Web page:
Business Insider reports: Breitbart, the website that has fervently supported President Donald Trump’s campaign and nascent presidency, signaled this week that its brief cease-fire with the establishment wing of the administration may have come to an end.
The reliably pro-Trump website has lately been reluctant to skewer former Republican National Committee members who now work inside the Trump administration, such as Chief of Staff Reince Priebus and press secretary Sean Spicer.
But that appeared to change on Tuesday, when Breitbart savaged House Speaker Paul Ryan’s proposal, which Trump supports, to repeal and replace the Affordable Care Act, better known as Obamacare. The website deemed it “Obamacare 2.0” and told its readers the legislation “gives illegal aliens healthcare through identity fraud” and amounted to “GOP welfare entitlement.”
An additional story by Matthew Boyle, the website’s Washington editor, went after Spicer for “inaccurately” saying the bill “fully repeals Obamacare.”
“We are Breitbart,” Boyle wrote in a Slack conversation about his story, according to a screenshot obtained by Business Insider. “This is war.” [Continue reading…]
Carole Cadwalladr writes: Mercer started backing Ted Cruz, but when he fell out of the presidential race he threw his money – $13.5m of it – behind the Trump campaign.
It’s money he’s made as a result of his career as a brilliant but reclusive computer scientist. He started his career at IBM, where he made what the Association for Computational Linguistics called “revolutionary” breakthroughs in language processing – a science that went on to be key in developing today’s AI – and later became joint CEO of Renaissance Technologies, a hedge fund that makes its money by using algorithms to model and trade on the financial markets.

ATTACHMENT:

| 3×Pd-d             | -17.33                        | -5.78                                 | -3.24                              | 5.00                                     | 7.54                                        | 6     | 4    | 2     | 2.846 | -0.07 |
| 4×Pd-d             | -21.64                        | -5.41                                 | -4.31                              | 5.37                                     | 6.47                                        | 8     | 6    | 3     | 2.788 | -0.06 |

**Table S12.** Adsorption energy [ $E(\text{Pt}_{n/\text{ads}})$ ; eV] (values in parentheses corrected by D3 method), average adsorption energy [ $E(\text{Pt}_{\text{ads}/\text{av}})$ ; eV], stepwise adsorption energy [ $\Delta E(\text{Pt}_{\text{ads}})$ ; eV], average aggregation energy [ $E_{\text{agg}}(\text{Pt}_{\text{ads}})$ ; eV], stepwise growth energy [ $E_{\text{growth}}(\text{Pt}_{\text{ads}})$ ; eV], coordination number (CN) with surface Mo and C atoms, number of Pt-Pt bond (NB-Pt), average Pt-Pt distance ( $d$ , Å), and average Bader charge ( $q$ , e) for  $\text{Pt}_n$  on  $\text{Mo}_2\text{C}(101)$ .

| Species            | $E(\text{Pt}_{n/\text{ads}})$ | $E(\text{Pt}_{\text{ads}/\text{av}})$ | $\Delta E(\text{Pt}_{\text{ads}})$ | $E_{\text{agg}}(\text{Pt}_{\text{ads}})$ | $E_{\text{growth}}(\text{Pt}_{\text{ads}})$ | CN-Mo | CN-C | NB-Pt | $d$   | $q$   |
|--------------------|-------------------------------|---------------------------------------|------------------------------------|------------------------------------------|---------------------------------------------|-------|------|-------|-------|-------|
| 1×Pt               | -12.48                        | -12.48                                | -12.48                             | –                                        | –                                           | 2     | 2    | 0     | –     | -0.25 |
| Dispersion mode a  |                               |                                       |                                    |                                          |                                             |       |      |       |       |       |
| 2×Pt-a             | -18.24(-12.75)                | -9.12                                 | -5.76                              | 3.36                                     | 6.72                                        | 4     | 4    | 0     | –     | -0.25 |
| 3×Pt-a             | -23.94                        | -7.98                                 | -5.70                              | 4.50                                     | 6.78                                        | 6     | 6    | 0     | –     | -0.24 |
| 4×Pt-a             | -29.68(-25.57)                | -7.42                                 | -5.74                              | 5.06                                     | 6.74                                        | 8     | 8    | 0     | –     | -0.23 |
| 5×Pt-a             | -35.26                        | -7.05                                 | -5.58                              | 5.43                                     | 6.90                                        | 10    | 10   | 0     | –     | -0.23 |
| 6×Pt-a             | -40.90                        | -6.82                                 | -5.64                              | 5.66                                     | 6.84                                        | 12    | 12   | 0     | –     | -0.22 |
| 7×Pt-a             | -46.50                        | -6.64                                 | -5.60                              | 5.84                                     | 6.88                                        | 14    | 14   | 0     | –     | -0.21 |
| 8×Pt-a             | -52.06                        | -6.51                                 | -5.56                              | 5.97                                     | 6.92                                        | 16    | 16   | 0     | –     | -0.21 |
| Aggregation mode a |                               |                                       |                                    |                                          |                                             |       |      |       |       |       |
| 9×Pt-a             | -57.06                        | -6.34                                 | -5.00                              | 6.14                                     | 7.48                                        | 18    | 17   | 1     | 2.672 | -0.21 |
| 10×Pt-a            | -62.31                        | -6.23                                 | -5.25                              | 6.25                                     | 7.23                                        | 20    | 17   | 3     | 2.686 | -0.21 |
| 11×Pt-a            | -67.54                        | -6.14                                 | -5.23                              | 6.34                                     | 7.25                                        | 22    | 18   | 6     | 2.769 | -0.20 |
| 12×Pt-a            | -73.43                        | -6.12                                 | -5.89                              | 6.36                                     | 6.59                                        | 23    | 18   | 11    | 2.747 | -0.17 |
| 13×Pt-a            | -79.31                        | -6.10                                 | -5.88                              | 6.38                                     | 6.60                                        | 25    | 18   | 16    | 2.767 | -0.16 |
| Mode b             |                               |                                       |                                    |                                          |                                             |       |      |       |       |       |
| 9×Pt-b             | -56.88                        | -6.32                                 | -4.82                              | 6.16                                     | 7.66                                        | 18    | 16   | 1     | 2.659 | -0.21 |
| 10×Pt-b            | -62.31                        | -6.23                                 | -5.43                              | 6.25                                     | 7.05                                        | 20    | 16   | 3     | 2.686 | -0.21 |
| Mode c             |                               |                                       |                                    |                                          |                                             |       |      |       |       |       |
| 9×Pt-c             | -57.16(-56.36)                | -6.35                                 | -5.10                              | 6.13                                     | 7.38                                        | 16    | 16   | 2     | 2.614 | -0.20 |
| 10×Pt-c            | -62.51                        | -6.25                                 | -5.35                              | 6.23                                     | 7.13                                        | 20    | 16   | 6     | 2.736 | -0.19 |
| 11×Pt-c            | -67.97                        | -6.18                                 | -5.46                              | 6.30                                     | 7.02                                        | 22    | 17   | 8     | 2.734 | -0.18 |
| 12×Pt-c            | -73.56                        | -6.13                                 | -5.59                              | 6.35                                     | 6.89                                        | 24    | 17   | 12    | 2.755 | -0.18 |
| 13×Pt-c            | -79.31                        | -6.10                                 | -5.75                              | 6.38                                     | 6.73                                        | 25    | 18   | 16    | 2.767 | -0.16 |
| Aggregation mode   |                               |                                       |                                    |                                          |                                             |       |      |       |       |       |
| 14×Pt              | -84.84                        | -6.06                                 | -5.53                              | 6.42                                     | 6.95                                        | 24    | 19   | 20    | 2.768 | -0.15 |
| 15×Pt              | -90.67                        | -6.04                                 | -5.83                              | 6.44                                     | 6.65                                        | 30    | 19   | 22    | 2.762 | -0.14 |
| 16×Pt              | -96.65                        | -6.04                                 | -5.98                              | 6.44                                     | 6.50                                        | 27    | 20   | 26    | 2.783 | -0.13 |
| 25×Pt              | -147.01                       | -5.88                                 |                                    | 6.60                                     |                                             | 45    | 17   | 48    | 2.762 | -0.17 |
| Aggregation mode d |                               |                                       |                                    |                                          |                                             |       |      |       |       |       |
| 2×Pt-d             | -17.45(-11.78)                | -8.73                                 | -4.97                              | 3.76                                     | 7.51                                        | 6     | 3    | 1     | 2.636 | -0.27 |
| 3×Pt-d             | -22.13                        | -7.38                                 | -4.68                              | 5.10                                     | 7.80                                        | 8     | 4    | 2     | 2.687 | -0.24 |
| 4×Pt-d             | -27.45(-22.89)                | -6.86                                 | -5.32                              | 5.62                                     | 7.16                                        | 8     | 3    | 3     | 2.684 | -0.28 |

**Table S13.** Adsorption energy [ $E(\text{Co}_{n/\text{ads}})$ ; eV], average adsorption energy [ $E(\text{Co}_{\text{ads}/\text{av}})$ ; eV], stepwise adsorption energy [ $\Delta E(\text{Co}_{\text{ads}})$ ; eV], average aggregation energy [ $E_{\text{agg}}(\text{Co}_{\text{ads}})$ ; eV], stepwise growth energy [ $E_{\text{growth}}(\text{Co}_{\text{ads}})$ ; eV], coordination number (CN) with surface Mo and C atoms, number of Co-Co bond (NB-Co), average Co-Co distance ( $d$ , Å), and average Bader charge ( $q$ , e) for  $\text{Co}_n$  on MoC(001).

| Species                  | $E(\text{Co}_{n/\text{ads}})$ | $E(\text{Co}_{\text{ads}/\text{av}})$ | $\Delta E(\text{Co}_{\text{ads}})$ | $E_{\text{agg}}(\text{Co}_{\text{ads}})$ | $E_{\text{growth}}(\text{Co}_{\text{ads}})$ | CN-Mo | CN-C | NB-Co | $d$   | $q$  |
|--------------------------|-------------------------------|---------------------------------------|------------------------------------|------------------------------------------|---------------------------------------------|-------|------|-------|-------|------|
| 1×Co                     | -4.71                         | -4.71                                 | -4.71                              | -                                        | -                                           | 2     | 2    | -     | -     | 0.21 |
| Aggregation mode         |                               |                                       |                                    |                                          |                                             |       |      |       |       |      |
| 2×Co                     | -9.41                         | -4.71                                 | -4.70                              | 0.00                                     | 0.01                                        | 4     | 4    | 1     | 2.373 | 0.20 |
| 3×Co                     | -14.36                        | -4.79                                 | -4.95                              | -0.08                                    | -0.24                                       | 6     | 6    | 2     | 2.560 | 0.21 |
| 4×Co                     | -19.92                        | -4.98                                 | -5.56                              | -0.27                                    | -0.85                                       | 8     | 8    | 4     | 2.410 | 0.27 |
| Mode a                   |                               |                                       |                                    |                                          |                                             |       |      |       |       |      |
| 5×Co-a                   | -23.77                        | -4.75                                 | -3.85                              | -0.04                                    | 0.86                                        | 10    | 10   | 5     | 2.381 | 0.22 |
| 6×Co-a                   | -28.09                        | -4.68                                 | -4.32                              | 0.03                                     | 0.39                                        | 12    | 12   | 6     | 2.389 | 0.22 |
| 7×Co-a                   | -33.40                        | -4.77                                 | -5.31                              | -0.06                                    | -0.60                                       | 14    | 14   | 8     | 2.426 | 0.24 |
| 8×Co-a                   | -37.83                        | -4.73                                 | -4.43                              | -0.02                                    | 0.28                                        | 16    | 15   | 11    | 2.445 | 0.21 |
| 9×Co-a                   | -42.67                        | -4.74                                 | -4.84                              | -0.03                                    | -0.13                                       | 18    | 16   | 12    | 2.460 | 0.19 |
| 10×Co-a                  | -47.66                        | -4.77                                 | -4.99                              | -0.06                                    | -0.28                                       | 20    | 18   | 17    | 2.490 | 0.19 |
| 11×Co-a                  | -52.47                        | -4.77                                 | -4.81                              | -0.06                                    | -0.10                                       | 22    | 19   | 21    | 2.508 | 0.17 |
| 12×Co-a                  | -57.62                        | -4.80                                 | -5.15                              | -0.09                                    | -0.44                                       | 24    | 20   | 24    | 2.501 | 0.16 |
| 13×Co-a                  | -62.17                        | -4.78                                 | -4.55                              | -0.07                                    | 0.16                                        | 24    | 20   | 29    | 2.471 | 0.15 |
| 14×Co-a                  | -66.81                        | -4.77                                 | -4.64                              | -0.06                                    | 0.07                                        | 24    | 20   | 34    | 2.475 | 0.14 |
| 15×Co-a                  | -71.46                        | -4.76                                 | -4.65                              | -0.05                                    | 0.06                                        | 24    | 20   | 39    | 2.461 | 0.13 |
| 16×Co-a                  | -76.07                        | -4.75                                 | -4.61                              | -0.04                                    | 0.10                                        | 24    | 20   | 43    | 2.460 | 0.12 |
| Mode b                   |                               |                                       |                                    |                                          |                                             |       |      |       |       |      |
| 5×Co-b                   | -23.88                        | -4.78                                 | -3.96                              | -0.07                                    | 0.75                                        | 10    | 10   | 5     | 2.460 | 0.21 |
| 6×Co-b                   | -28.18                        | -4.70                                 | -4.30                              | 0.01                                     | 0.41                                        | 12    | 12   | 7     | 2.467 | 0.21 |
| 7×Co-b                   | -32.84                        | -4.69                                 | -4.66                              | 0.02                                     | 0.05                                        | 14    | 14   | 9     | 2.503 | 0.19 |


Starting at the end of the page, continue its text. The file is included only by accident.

One of its funds, Medallion, which manages only its employees’ money, is the most successful in the world – generating $55bn so far. And since 2010, Mercer has donated $45m to different political campaigns – all Republican – and another $50m to non-profits – all rightwing, ultra-conservative. This is a billionaire who is, as billionaires are wont, trying to reshape the world according to his personal beliefs.
Robert Mercer very rarely speaks in public and never to journalists, so to gauge his beliefs you have to look at where he channels his money: a series of yachts, all called Sea Owl; a $2.9m model train set; climate change denial (he funds a climate change denial thinktank, the Heartland Institute); and what is maybe the ultimate rich man’s plaything – the disruption of the mainstream media. In this he is helped by his close associate Steve Bannon, Trump’s campaign manager and now chief strategist. The money he gives to the Media Research Center, with its mission of correcting “liberal bias” is just one of his media plays. There are other bigger, and even more deliberate strategies, and shining brightly, the star at the centre of the Mercer media galaxy, is Breitbart.